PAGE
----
The Evolution of Snow White: A Close Textual Analysis of Three Versions of the Snow White Fairy Tale

Open Access
Saunders, John Hanson
Graduate Program:
Speech Communication
Doctor of Philosophy
Document Type:
Date of Defense:
September 11, 2008
Committee Members:
  • Stephen Howard Browne, Committee Chair
  • Thomas Walter Benson, Committee Member
  • Tony Lentz, Committee Member
  • Steven Herb, Committee Member
  • Snow White
  • fairy tales
  • rhetoric
  • Literary studies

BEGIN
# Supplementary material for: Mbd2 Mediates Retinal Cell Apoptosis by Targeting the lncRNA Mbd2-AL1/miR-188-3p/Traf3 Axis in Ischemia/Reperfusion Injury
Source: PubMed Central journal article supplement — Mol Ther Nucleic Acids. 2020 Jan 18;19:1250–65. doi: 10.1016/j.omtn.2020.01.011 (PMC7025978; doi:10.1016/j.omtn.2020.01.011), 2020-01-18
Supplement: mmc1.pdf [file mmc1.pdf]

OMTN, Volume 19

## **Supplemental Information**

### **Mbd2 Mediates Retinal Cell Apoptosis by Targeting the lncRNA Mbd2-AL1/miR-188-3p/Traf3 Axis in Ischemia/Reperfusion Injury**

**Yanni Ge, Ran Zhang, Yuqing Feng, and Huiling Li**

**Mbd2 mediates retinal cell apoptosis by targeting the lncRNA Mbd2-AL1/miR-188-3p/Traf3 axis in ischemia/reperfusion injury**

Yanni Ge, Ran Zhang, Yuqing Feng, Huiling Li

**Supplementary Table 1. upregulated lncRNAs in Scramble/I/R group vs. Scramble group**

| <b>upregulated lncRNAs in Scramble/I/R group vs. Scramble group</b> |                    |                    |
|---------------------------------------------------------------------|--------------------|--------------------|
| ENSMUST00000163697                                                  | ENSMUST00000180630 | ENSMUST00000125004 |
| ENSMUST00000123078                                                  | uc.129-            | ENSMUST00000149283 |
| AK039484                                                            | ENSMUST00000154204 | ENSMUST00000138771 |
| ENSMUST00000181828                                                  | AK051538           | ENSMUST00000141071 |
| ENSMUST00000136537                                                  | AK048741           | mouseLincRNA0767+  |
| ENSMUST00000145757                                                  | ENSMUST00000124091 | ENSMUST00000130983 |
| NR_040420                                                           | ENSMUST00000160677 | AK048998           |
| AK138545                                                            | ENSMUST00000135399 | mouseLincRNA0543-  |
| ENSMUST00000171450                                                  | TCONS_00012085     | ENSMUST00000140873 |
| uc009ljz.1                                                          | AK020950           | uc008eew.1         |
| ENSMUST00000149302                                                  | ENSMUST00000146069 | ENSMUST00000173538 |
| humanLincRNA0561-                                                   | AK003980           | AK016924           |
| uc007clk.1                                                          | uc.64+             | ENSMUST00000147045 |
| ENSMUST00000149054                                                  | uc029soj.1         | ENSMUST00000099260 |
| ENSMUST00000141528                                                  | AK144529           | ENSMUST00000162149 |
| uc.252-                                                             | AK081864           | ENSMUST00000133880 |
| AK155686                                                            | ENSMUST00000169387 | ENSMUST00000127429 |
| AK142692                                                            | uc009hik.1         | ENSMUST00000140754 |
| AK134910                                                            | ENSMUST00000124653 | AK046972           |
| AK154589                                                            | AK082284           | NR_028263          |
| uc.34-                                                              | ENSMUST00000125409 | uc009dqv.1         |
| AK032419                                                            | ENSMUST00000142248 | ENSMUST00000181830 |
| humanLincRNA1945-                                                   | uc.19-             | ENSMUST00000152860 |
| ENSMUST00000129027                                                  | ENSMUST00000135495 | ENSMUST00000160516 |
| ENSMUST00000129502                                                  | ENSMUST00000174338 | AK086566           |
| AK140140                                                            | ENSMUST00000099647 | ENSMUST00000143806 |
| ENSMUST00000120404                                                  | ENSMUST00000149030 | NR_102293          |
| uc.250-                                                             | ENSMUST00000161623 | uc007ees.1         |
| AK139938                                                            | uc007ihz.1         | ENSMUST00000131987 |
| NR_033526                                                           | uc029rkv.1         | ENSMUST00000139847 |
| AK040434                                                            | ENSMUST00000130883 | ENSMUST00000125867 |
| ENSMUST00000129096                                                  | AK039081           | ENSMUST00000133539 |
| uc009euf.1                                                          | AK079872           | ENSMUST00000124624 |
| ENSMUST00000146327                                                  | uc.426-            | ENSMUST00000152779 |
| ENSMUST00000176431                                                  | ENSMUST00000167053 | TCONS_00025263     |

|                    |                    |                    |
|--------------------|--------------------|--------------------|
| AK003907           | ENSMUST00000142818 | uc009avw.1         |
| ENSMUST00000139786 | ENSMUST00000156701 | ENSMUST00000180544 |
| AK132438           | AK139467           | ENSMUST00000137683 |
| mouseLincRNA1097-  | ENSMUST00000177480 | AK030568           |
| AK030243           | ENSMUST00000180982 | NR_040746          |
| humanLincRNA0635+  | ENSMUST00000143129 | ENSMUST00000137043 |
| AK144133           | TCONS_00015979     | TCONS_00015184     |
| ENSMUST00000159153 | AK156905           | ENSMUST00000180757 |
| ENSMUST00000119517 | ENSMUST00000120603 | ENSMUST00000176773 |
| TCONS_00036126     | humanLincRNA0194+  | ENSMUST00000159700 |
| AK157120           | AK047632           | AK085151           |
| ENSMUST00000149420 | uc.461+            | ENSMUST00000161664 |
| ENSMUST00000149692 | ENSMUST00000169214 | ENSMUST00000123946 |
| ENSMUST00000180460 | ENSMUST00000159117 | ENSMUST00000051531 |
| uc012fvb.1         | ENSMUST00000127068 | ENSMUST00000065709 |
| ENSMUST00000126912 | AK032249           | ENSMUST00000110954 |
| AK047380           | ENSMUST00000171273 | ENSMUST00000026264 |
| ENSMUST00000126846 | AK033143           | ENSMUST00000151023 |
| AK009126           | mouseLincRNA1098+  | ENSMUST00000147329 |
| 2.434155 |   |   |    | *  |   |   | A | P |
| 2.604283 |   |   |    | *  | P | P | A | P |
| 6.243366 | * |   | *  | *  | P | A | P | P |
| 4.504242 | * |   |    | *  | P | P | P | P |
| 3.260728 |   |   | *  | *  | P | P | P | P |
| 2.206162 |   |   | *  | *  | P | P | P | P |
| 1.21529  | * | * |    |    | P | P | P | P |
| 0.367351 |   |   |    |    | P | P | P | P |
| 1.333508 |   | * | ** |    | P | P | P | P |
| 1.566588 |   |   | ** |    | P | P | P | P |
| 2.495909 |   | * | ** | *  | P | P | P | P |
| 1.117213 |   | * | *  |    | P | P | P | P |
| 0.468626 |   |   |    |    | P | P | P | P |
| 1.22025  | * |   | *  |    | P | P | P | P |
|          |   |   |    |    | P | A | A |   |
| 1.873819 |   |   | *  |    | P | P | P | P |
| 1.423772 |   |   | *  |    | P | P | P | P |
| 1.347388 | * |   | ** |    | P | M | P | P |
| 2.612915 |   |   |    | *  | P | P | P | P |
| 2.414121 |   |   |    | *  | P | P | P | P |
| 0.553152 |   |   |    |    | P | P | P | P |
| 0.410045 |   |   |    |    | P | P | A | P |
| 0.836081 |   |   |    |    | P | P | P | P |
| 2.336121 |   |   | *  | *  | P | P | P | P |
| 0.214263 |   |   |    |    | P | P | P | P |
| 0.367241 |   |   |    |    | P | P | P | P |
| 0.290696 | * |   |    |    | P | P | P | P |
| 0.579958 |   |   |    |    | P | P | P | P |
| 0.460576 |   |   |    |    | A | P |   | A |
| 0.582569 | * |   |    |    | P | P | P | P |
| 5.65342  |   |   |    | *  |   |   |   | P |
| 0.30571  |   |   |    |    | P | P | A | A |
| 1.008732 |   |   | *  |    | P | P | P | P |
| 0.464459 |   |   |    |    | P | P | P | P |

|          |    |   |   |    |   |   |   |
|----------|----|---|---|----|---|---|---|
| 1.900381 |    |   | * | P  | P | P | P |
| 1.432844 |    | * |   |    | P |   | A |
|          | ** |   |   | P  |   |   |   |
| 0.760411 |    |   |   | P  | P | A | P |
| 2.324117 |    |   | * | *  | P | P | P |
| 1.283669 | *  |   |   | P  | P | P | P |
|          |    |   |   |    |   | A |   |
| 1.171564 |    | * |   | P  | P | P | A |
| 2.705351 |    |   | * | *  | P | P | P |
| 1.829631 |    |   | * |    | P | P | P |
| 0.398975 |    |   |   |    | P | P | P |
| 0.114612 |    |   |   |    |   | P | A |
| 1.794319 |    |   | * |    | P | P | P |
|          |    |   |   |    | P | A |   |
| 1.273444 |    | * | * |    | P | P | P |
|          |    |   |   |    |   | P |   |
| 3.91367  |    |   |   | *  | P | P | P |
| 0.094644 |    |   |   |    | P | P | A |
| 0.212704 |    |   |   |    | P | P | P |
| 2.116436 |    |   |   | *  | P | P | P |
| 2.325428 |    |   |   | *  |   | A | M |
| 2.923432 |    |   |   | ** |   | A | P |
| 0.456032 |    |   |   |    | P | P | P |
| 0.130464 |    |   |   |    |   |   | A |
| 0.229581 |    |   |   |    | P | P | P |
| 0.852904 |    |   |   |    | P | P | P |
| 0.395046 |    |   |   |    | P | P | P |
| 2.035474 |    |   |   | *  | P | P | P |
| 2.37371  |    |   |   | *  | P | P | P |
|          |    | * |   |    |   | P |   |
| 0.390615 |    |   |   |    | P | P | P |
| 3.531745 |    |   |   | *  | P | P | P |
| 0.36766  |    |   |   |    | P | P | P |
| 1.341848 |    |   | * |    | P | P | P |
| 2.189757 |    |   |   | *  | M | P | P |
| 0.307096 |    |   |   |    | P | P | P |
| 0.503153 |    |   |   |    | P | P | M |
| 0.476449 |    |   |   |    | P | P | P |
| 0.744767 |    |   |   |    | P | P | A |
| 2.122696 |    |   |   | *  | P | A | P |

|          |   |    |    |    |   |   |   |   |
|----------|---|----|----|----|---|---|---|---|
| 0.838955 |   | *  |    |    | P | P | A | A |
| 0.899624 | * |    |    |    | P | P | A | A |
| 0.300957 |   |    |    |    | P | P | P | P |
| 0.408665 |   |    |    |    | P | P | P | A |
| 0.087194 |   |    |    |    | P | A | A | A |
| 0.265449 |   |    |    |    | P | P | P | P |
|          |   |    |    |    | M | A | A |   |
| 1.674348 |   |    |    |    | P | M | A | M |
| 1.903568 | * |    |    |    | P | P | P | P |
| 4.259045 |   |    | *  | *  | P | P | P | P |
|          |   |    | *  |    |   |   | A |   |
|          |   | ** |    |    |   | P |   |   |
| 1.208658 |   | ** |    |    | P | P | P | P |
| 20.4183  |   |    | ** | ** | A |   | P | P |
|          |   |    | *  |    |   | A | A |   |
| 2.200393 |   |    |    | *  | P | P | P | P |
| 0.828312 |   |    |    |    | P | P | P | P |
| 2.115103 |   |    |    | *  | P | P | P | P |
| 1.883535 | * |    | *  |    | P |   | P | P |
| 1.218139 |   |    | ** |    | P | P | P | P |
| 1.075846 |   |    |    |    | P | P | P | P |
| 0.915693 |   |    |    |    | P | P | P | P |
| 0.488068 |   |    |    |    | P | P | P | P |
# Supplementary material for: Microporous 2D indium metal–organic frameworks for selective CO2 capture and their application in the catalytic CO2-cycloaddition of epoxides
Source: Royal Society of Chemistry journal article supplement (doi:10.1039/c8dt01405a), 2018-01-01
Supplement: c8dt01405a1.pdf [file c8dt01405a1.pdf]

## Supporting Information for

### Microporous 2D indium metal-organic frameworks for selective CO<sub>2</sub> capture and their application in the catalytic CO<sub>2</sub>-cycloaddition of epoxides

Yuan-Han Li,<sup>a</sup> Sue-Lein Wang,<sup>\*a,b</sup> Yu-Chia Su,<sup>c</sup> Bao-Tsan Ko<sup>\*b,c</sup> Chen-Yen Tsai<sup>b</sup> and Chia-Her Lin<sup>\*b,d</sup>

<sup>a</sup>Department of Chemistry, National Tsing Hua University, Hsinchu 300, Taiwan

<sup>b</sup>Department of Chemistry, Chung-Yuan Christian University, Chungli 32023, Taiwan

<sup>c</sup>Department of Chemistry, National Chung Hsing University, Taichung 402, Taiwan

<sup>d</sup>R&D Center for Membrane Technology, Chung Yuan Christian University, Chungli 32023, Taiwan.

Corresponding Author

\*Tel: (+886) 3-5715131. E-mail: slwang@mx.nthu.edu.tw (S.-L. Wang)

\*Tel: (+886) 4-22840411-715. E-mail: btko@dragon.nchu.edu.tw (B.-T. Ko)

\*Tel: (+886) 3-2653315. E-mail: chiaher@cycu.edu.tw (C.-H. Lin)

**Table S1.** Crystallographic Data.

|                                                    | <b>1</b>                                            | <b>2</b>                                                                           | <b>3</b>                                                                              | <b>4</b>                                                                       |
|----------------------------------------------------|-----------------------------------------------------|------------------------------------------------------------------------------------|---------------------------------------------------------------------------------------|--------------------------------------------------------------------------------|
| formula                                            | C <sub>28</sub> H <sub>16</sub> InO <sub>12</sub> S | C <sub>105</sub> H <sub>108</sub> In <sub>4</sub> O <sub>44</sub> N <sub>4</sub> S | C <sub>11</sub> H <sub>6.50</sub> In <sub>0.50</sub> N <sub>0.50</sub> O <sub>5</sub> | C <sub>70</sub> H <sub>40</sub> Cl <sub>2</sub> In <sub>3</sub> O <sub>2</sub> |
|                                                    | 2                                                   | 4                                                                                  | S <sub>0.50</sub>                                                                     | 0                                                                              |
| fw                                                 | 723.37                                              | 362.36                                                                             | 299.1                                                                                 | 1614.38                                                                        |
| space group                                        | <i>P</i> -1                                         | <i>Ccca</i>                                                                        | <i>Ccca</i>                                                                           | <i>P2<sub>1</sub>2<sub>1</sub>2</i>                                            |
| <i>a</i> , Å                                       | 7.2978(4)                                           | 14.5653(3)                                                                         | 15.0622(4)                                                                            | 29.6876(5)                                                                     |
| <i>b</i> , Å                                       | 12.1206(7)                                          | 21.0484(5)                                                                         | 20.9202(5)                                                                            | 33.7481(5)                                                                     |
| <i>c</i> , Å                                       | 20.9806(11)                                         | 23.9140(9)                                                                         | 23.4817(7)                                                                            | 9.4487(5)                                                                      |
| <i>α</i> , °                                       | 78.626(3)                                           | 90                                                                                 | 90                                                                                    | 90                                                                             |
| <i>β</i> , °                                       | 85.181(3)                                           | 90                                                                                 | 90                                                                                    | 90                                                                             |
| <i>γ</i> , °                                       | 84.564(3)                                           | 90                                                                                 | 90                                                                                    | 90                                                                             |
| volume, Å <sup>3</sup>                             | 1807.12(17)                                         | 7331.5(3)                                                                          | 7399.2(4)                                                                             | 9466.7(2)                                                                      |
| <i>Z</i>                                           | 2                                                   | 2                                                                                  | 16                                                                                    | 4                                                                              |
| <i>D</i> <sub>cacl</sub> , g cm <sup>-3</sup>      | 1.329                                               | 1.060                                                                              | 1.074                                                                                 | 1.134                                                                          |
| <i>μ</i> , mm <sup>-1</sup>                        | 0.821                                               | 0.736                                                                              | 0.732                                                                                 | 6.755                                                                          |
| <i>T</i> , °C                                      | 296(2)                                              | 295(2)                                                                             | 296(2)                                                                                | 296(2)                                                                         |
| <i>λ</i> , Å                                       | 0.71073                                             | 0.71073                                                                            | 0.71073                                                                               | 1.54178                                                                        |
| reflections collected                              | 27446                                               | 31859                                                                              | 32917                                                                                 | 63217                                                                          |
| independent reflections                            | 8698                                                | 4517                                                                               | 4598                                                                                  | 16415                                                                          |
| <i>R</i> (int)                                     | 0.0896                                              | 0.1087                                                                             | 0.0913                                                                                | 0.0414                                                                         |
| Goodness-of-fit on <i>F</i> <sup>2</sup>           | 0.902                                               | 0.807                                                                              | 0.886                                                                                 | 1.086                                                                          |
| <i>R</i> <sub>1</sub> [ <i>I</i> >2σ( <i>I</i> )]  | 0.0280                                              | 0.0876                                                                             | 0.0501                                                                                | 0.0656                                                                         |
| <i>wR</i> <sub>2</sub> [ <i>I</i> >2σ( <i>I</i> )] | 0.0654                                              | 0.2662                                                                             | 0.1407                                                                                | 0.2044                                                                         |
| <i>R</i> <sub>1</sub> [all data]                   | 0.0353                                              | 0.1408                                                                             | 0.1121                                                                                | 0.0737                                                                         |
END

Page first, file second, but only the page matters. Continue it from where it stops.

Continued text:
The fairy tale “Snow White and the Seven Dwarfs” has endured hundreds of revisions and retellings throughout the last several centuries. Each version of this story carries with it traces of the author or authors and of the culture that produced that particular version. The meta-narrative must remain somewhat intact for any version to be recognizable as a variation of the Snow White tale. However, the elements that are added or subtracted by each author or authors make each version unique. This work presents a close textual analysis of three popular versions of the Snow White fairy tale. The focus of this work is not to just highlight how versions are different, but rather to isolate the unique variants of each version. Once separated from the meta-narrative, these elements can be examined for the rhetorical choices made by each author or authors. I make the claim that by looking at what changed over time within versions of this one specific tale; one can read aspects of the individual cultures that produced each version. I examine the first published version by the Brothers Grimm, the Walt Disney film, and the Michael Cohn film. These three versions are separated by one hundred and eighty-seven years and were produced in three very different cultures. I briefly present aspects of the three distinct cultures, changes made within the three narratives with analysis of those changes, and character studies for how each character was adapted for a new version. This evolution of the story and characters over time displays unique cultural traces present in each version that can allow rhetorical scholars to examine and understand possible cultural influences as they are manifest in one meta-narrative over time. This study explains how cultural traces can be seen in the variations between versions.